Brian Beattie: For an ASHP, it’s important to ensure the external unit is in an area with good air flow, as this allows the fan to operate at a low noise level. It may also be advisable to locate it away from living areas – partly because it means engineers can easily gain access for future maintenance without disturbing occupants.

Martyn Bridges: UK homes are typically quite small, so there may not be a great deal of choice in terms of where the heat pump is sited. Installers aim to choose the most discreet, practical and unobstrusive location. Near a kitchen window or utility is typically ideal, as these rooms are vacated at night. Some models can fit beneath the typical cill height of a downstairs window.

Neil Sawers: Every installation is different, so it’s worth discussing the possibilities with your engineer. Many customers prefer to keep the heat pump out of areas where children play, as well as away from opening windows, doors and outdoor entertaining areas. For instance, provided the necessary pipework can be accommodated, the external unit could be positioned next to an outbuilding rather than the main house’s wall.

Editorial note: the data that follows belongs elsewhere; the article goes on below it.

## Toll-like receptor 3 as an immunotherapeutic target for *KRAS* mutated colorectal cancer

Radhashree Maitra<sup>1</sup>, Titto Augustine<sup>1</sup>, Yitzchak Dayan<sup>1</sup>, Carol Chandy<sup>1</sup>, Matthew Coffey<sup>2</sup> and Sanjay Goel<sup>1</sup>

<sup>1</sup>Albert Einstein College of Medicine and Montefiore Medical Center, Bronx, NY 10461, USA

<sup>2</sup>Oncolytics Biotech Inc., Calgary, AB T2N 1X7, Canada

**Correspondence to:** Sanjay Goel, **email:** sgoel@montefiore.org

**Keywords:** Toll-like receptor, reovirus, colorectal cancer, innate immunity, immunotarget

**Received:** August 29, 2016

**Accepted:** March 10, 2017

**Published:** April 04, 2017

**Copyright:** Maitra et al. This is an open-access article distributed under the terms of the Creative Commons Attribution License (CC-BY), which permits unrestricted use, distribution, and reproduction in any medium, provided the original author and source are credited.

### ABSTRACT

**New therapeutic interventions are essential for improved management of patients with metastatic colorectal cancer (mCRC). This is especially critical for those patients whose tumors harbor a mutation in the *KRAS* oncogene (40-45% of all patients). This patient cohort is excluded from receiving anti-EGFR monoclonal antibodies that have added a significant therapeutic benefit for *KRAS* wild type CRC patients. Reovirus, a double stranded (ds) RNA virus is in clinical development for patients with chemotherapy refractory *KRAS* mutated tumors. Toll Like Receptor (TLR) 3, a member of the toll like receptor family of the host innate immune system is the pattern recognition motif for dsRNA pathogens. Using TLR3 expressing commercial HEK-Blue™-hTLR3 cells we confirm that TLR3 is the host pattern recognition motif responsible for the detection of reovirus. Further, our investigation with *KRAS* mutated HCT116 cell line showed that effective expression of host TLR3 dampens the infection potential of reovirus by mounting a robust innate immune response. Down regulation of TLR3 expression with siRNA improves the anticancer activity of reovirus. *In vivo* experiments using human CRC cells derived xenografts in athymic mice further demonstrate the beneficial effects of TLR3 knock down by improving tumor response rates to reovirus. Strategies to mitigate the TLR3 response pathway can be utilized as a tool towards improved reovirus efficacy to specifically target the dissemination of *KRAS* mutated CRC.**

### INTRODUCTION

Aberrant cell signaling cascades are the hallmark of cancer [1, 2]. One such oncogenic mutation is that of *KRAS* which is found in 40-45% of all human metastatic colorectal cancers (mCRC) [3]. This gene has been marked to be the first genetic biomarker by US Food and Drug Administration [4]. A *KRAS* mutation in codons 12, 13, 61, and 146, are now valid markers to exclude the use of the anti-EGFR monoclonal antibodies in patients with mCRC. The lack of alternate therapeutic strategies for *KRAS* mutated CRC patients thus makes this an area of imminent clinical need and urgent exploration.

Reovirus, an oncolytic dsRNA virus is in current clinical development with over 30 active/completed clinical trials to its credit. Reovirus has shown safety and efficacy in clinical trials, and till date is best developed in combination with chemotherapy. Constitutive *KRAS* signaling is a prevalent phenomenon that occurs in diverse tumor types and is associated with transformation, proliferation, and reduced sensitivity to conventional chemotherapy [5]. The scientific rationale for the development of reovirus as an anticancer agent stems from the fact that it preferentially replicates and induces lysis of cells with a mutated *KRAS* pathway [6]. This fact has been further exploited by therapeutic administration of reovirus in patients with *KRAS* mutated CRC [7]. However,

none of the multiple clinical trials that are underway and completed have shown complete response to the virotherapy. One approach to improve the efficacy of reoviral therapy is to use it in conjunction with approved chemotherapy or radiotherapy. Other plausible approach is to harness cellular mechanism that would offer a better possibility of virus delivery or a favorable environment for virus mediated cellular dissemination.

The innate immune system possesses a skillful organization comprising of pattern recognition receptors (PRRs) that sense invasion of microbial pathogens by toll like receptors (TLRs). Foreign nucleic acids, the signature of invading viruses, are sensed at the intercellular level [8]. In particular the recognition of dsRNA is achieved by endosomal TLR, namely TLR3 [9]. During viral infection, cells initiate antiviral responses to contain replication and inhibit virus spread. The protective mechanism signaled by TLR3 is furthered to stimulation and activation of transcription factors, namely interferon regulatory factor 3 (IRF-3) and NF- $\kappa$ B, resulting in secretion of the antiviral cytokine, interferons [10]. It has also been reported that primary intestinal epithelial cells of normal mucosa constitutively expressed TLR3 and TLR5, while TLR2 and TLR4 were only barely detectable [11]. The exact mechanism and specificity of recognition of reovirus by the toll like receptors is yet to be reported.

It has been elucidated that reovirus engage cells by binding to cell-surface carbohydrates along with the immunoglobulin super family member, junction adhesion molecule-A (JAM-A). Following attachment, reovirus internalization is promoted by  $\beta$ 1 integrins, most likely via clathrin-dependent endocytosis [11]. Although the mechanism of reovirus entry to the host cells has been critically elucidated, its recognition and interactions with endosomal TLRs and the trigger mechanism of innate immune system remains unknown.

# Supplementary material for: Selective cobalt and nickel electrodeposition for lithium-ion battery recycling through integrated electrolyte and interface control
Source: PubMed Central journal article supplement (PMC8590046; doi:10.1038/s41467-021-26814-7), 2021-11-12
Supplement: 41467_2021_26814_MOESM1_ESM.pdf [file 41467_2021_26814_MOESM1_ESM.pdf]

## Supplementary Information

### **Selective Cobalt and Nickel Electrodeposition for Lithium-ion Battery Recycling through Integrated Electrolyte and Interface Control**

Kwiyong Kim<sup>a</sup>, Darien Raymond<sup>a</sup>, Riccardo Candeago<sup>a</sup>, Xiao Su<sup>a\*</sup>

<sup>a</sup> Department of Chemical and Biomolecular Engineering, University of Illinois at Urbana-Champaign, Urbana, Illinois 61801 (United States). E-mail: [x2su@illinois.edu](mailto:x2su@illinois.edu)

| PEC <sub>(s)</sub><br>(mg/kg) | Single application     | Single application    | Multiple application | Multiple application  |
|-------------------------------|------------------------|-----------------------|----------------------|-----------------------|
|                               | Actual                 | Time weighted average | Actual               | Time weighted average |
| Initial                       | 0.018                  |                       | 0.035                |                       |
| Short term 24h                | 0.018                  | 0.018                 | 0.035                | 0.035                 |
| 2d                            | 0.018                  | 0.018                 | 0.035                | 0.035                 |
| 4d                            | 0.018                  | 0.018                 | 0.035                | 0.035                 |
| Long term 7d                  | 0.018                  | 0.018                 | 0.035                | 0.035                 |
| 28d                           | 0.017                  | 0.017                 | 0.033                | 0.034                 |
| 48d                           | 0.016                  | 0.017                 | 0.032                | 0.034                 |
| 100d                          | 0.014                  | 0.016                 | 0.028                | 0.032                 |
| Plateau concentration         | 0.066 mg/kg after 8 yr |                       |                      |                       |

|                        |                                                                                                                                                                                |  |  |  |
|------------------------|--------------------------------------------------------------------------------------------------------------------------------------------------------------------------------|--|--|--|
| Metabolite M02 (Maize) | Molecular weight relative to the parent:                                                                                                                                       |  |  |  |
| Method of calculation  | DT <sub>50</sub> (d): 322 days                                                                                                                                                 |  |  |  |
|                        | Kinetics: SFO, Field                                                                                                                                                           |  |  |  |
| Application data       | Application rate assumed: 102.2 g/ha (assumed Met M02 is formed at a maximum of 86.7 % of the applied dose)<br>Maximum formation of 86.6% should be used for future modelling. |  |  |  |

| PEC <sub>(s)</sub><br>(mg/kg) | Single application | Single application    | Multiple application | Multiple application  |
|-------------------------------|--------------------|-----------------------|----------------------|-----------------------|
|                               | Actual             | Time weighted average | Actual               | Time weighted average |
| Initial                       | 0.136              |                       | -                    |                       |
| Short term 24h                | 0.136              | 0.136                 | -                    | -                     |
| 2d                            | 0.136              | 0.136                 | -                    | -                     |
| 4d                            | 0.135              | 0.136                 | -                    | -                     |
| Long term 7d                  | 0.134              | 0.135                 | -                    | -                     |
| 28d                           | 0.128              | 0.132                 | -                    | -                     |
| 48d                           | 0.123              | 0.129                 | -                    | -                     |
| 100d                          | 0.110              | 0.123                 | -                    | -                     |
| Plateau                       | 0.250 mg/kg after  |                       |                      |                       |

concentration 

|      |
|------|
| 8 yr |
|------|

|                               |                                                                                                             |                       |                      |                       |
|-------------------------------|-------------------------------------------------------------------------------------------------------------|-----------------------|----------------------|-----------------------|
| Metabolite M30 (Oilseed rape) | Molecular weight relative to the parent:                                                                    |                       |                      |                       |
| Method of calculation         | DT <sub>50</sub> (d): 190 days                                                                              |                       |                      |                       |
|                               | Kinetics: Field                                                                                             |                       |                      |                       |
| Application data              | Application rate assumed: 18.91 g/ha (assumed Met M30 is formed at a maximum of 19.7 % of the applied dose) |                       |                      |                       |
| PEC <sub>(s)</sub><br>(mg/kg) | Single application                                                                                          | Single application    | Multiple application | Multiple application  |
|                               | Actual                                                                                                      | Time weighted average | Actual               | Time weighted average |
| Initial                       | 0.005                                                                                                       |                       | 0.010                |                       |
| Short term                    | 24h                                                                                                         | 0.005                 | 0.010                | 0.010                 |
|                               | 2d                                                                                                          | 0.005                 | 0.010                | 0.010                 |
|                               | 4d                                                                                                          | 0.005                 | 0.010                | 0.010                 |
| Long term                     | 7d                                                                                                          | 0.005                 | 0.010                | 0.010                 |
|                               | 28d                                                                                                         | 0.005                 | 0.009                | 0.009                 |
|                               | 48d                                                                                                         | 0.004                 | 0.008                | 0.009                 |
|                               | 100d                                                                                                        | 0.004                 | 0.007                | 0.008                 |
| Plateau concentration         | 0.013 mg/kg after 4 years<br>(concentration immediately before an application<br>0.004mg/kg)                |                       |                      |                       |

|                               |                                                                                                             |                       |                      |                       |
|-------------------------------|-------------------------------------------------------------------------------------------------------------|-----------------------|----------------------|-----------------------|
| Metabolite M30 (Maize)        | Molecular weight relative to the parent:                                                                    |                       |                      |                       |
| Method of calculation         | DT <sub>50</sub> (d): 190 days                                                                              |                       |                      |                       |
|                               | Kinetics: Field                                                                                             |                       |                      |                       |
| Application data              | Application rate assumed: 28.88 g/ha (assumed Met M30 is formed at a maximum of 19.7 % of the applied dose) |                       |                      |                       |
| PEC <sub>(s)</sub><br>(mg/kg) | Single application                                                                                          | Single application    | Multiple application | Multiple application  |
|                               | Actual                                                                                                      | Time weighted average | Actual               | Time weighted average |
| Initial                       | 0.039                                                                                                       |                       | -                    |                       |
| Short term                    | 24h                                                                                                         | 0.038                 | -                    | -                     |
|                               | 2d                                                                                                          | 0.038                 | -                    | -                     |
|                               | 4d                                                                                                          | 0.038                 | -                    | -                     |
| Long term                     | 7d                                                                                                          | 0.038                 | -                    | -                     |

The Quiet Mark-certified 7400iAW is Worcester Bosch’s quietest outdoor heat pump unit, with ultra low-noise in operation enhanced by an additional diffuser

Q: What other measures can be taken to abate noise from a heat pump?

Neil Sawers: The installing engineer should prepare a suitably firm, flat foundation for the heat pump unit that supports its weight while also reducing the transmission of noise and vibration. This could be a flat-trowelled concrete base 150mm deep, or thick paving slabs laid on compacted hardcore. We’d also recommend the heat pump is raised up from the base surface by around 100mm on anti-vibration feet, such as Grant UK’s easy-install flexi foot kits. Ensuring the heat pump is correctly setup, commissioned and maintained is also critical.